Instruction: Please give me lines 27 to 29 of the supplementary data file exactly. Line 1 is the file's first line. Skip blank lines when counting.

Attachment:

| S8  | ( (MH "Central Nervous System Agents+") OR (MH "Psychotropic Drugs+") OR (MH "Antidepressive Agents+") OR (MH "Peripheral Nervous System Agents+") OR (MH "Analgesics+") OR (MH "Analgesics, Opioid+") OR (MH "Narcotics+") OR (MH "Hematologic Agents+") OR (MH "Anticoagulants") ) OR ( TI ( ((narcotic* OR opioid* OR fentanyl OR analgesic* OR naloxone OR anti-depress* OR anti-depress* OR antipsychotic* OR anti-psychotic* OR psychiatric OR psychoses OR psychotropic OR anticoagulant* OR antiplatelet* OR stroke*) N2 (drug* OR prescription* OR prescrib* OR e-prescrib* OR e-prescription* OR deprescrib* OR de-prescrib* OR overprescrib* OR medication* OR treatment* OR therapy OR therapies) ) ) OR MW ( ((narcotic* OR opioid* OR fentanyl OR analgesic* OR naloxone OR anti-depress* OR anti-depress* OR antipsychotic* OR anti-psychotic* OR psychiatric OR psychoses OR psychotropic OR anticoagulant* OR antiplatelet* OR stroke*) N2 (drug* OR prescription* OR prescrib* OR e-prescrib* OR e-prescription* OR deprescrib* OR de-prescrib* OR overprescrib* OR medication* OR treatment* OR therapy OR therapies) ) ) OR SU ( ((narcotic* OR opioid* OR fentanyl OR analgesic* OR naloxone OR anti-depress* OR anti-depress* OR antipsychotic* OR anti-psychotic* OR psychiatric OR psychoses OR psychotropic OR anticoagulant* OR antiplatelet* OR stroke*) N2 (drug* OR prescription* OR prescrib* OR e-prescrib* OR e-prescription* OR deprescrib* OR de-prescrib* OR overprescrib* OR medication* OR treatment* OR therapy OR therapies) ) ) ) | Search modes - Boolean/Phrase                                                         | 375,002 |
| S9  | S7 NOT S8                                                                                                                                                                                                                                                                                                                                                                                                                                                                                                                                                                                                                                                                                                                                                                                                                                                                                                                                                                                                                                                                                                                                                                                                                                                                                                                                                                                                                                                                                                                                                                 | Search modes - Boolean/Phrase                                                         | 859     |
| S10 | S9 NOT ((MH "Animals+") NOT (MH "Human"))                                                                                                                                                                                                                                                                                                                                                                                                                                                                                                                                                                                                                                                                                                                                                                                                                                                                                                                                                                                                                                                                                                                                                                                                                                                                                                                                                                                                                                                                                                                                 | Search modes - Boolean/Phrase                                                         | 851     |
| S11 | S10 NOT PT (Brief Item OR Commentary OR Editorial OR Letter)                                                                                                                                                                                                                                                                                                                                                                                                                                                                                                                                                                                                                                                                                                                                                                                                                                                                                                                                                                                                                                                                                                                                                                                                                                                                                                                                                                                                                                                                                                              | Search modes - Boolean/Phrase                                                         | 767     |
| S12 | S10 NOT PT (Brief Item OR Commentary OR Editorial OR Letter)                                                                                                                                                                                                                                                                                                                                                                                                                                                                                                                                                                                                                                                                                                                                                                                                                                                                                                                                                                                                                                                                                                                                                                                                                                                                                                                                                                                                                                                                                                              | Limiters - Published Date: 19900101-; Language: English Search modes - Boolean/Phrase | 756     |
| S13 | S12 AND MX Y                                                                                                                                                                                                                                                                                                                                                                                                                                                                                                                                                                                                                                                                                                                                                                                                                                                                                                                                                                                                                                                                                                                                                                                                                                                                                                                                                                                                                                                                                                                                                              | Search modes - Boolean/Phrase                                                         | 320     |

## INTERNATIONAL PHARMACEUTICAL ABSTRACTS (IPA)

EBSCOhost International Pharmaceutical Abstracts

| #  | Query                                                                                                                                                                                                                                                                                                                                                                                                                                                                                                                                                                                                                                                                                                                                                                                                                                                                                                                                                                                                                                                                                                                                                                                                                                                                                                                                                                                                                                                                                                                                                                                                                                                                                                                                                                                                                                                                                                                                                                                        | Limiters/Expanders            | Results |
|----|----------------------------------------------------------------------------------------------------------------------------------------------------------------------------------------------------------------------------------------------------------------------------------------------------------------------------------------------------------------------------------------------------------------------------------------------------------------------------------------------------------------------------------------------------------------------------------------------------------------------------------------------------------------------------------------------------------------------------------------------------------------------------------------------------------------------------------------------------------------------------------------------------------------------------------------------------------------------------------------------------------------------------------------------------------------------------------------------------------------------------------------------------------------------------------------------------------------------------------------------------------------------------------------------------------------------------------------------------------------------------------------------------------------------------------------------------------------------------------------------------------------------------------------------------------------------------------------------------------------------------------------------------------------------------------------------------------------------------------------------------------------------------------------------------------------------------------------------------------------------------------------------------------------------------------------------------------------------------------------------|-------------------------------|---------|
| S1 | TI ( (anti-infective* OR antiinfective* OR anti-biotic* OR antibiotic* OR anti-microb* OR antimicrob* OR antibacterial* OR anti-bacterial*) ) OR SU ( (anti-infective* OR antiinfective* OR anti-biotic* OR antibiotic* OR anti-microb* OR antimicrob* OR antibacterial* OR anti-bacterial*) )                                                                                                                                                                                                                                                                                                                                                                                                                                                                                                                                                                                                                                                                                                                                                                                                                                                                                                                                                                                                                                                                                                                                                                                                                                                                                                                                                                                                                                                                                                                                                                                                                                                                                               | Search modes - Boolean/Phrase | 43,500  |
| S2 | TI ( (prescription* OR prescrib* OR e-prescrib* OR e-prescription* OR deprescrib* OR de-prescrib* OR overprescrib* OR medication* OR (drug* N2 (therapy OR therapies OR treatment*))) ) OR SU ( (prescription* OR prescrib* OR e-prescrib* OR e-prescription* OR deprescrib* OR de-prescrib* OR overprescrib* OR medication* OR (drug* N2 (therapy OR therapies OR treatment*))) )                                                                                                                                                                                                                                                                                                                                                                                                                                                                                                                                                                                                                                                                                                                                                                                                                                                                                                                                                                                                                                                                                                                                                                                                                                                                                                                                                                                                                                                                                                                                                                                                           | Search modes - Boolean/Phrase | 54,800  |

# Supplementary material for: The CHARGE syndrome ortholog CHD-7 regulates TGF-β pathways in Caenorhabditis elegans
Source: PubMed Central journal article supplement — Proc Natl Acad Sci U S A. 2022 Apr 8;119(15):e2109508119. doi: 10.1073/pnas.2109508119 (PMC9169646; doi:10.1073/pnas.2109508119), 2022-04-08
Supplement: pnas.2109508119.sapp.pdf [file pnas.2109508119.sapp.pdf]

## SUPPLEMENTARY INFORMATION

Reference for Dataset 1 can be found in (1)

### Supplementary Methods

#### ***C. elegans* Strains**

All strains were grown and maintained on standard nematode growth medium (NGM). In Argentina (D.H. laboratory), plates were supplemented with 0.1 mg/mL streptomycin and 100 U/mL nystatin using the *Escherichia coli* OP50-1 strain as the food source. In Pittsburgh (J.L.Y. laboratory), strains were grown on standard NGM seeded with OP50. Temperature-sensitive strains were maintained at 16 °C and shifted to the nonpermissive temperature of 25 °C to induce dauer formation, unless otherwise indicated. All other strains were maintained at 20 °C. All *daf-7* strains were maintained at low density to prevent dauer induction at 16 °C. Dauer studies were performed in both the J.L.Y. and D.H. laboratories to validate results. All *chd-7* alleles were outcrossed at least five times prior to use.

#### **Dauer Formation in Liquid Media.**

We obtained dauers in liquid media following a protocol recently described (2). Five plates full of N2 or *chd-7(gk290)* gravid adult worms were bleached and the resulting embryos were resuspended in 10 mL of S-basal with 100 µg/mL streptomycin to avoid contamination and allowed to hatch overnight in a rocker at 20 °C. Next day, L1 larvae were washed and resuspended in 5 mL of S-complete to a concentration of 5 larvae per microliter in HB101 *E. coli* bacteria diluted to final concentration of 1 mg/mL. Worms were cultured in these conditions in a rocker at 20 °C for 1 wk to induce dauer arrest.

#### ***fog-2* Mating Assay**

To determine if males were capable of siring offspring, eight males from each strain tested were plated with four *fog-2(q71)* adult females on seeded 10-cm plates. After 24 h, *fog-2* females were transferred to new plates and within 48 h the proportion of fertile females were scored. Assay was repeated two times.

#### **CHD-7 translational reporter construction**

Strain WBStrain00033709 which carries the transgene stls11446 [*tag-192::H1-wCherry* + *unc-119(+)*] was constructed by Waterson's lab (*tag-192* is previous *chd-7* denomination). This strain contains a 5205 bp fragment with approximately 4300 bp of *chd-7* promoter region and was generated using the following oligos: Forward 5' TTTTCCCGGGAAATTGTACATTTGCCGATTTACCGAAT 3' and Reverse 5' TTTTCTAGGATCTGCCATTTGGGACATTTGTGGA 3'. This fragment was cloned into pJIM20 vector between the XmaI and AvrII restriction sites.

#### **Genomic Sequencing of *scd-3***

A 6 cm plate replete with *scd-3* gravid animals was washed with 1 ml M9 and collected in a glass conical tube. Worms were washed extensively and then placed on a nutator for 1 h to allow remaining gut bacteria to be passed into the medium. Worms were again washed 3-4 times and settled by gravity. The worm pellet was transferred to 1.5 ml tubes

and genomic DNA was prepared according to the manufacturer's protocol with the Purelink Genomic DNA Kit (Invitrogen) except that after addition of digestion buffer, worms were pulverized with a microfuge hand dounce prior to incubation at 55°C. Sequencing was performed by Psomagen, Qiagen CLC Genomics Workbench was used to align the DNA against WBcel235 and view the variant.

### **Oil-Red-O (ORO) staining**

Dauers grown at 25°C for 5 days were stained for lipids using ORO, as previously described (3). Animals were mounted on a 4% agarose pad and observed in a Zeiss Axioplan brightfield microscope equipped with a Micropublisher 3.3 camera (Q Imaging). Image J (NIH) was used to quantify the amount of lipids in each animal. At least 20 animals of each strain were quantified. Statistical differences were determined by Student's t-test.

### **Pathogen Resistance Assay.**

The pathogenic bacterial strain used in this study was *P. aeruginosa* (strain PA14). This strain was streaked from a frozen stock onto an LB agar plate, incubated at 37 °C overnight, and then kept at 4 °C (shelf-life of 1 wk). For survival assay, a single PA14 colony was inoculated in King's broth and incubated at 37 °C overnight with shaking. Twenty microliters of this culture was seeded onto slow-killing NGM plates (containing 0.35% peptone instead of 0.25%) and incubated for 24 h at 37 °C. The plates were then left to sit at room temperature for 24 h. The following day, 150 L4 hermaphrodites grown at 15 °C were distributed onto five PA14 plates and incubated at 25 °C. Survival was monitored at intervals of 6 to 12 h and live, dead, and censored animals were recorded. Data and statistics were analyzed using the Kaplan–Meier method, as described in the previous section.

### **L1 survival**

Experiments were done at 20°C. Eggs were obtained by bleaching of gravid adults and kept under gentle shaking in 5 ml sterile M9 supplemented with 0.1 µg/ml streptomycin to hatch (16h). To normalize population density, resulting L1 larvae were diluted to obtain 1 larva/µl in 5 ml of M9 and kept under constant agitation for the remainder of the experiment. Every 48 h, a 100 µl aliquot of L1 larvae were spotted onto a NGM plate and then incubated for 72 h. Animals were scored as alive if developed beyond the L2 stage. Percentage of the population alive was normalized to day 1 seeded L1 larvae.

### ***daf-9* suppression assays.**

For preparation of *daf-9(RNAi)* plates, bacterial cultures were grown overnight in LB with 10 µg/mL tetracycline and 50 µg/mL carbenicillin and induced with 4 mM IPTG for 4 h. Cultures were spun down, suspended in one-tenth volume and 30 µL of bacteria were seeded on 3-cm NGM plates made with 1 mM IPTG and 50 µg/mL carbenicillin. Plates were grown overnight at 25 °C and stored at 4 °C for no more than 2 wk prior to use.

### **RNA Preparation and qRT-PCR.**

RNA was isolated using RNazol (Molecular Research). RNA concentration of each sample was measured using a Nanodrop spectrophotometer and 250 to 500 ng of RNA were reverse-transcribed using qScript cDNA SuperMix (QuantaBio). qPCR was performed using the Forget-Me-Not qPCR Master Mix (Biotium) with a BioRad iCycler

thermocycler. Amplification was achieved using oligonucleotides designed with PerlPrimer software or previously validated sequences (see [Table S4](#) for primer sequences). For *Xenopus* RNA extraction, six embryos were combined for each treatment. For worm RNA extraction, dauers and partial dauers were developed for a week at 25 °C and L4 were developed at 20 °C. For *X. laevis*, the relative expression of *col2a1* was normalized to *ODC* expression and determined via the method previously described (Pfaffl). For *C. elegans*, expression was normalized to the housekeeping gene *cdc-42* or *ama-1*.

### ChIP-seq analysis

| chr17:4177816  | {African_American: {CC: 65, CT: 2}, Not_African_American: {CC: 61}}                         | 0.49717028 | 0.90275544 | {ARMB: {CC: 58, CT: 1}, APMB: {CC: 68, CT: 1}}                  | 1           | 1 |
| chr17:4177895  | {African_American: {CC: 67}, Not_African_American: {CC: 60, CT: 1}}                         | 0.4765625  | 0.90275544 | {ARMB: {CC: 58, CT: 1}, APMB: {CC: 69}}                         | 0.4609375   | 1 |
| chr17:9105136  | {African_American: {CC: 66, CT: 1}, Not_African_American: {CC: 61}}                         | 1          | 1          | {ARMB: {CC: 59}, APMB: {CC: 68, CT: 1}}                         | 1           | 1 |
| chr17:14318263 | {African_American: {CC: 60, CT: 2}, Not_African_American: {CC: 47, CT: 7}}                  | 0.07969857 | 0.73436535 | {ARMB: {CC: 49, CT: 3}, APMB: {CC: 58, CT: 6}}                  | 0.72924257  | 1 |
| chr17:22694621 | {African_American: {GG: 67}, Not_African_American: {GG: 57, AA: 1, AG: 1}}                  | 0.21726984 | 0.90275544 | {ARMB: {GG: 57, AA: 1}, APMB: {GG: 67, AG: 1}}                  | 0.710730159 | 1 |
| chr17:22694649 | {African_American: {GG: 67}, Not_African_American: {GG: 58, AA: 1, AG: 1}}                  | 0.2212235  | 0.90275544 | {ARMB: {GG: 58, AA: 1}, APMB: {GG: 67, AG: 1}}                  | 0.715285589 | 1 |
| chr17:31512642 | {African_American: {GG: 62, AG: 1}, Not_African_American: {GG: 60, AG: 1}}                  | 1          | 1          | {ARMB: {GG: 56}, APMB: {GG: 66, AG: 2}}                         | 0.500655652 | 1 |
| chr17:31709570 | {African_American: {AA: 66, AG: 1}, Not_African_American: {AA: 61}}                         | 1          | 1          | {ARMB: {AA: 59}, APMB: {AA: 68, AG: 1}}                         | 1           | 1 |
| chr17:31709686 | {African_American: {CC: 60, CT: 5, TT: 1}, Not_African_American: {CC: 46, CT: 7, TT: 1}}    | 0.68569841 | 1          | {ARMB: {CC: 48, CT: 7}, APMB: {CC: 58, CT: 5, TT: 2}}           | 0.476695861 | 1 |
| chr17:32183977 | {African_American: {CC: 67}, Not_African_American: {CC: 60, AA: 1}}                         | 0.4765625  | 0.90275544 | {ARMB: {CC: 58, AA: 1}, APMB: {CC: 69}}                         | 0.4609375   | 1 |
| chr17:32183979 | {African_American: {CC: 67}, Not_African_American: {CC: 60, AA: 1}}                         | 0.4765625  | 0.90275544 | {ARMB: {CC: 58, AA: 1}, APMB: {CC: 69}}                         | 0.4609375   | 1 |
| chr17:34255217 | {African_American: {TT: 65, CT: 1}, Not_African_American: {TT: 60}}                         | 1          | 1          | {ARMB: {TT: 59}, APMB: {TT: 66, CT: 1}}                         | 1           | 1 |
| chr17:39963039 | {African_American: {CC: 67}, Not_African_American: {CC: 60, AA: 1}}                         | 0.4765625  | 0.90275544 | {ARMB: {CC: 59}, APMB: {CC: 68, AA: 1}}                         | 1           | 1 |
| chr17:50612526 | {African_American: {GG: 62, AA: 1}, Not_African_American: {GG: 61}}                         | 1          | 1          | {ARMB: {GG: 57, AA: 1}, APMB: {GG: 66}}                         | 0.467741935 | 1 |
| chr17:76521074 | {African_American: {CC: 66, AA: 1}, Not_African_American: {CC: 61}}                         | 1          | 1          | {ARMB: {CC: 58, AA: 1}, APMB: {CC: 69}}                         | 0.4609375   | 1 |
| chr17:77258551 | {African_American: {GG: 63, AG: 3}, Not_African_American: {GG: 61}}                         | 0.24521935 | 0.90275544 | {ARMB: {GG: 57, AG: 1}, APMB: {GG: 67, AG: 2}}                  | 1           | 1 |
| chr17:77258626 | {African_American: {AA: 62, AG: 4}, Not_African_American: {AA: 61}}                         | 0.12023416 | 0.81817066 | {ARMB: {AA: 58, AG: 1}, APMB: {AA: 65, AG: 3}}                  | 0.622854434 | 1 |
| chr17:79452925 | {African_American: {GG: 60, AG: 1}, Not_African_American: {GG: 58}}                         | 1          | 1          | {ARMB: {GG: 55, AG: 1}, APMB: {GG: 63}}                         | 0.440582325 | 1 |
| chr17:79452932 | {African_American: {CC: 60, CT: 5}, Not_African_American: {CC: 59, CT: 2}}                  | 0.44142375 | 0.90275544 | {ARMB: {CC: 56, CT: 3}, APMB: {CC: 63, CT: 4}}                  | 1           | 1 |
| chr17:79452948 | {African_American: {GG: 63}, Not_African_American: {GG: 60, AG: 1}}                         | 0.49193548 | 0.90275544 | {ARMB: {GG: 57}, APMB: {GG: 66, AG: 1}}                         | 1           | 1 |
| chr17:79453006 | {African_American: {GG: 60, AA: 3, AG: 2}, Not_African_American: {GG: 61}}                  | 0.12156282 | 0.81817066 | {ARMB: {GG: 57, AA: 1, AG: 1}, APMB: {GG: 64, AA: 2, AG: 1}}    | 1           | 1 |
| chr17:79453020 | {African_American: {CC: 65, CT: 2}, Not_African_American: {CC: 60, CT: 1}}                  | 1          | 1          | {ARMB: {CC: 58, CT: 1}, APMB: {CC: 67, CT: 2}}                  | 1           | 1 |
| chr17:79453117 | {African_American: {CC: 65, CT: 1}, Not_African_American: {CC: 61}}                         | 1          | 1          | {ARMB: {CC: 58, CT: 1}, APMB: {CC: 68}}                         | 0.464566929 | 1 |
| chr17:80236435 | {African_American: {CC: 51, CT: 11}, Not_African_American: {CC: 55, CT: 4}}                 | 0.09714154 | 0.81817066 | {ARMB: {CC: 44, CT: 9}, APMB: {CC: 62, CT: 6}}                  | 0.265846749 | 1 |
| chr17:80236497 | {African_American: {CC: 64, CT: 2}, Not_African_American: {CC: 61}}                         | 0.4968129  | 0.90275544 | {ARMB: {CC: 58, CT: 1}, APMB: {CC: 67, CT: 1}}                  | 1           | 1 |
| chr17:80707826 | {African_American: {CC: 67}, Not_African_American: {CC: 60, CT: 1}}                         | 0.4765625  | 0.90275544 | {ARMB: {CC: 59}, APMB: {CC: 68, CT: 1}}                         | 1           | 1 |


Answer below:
#### **Genomic Sequencing of *scd-3***

A 6 cm plate replete with *scd-3* gravid animals was washed with 1 ml M9 and collected in a glass conical tube. Worms were washed extensively and then placed on a nutator for 1 h to allow remaining gut bacteria to be passed into the medium. Worms were again washed 3-4 times and settled by gravity. The worm pellet was transferred to 1.5 ml tubes

and genomic DNA was prepared according to the manufacturer's protocol with the Purelink Genomic DNA Kit (Invitrogen) except that after addition of digestion buffer, worms were pulverized with a microfuge hand dounce prior to incubation at 55°C. Sequencing was performed by Psomagen, Qiagen CLC Genomics Workbench was used to align the DNA against WBcel235 and view the variant.